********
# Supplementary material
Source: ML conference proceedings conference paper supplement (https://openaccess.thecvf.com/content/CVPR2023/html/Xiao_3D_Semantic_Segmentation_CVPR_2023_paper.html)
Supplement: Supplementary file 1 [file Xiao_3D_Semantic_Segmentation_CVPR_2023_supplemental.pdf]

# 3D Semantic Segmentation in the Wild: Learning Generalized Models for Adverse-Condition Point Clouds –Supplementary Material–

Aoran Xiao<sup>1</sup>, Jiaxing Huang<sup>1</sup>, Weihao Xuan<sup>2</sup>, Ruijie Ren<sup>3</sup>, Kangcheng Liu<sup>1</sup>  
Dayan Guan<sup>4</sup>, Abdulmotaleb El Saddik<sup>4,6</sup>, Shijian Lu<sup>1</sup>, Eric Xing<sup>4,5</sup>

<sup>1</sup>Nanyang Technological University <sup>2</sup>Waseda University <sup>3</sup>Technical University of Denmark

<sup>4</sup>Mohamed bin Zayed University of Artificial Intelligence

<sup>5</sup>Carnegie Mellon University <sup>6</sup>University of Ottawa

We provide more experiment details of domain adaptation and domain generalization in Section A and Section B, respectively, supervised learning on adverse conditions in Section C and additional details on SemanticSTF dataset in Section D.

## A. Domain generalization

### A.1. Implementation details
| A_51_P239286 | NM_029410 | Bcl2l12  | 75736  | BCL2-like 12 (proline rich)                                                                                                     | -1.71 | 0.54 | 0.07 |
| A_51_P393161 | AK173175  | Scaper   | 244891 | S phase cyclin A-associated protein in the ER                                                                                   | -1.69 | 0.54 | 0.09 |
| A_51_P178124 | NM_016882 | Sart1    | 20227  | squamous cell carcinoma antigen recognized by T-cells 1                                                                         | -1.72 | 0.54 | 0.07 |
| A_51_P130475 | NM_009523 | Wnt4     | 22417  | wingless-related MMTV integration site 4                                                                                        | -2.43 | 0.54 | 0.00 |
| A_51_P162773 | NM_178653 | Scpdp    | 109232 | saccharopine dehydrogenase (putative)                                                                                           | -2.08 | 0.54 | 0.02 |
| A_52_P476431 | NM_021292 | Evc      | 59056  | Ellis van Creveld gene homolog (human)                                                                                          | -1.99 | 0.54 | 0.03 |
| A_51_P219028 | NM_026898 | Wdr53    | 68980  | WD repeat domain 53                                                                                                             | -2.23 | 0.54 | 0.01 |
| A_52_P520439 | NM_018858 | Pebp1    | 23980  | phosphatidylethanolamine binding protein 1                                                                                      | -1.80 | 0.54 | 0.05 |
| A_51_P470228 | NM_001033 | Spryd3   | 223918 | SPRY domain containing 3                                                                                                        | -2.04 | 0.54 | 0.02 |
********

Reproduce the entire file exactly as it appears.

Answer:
# Supplementary material
Source: ML conference proceedings conference paper supplement (https://openaccess.thecvf.com/content/CVPR2023/html/Xiao_3D_Semantic_Segmentation_CVPR_2023_paper.html)
Supplement: Supplementary file 1 [file Xiao_3D_Semantic_Segmentation_CVPR_2023_supplemental.pdf]

# 3D Semantic Segmentation in the Wild: Learning Generalized Models for Adverse-Condition Point Clouds –Supplementary Material–

Aoran Xiao<sup>1</sup>, Jiaxing Huang<sup>1</sup>, Weihao Xuan<sup>2</sup>, Ruijie Ren<sup>3</sup>, Kangcheng Liu<sup>1</sup>  
Dayan Guan<sup>4</sup>, Abdulmotaleb El Saddik<sup>4,6</sup>, Shijian Lu<sup>1</sup>, Eric Xing<sup>4,5</sup>

<sup>1</sup>Nanyang Technological University <sup>2</sup>Waseda University <sup>3</sup>Technical University of Denmark

<sup>4</sup>Mohamed bin Zayed University of Artificial Intelligence

<sup>5</sup>Carnegie Mellon University <sup>6</sup>University of Ottawa

We provide more experiment details of domain adaptation and domain generalization in Section A and Section B, respectively, supervised learning on adverse conditions in Section C and additional details on SemanticSTF dataset in Section D.

## A. Domain generalization

### A.1. Implementation details
| A_51_P239286 | NM_029410 | Bcl2l12  | 75736  | BCL2-like 12 (proline rich)                                                                                                     | -1.71 | 0.54 | 0.07 |
| A_51_P393161 | AK173175  | Scaper   | 244891 | S phase cyclin A-associated protein in the ER                                                                                   | -1.69 | 0.54 | 0.09 |
| A_51_P178124 | NM_016882 | Sart1    | 20227  | squamous cell carcinoma antigen recognized by T-cells 1                                                                         | -1.72 | 0.54 | 0.07 |
| A_51_P130475 | NM_009523 | Wnt4     | 22417  | wingless-related MMTV integration site 4                                                                                        | -2.43 | 0.54 | 0.00 |
| A_51_P162773 | NM_178653 | Scpdp    | 109232 | saccharopine dehydrogenase (putative)                                                                                           | -2.08 | 0.54 | 0.02 |
| A_52_P476431 | NM_021292 | Evc      | 59056  | Ellis van Creveld gene homolog (human)                                                                                          | -1.99 | 0.54 | 0.03 |
| A_51_P219028 | NM_026898 | Wdr53    | 68980  | WD repeat domain 53                                                                                                             | -2.23 | 0.54 | 0.01 |
| A_52_P520439 | NM_018858 | Pebp1    | 23980  | phosphatidylethanolamine binding protein 1                                                                                      | -1.80 | 0.54 | 0.05 |
| A_51_P470228 | NM_001033 | Spryd3   | 223918 | SPRY domain containing 3                                                                                                        | -2.04 | 0.54 | 0.02 |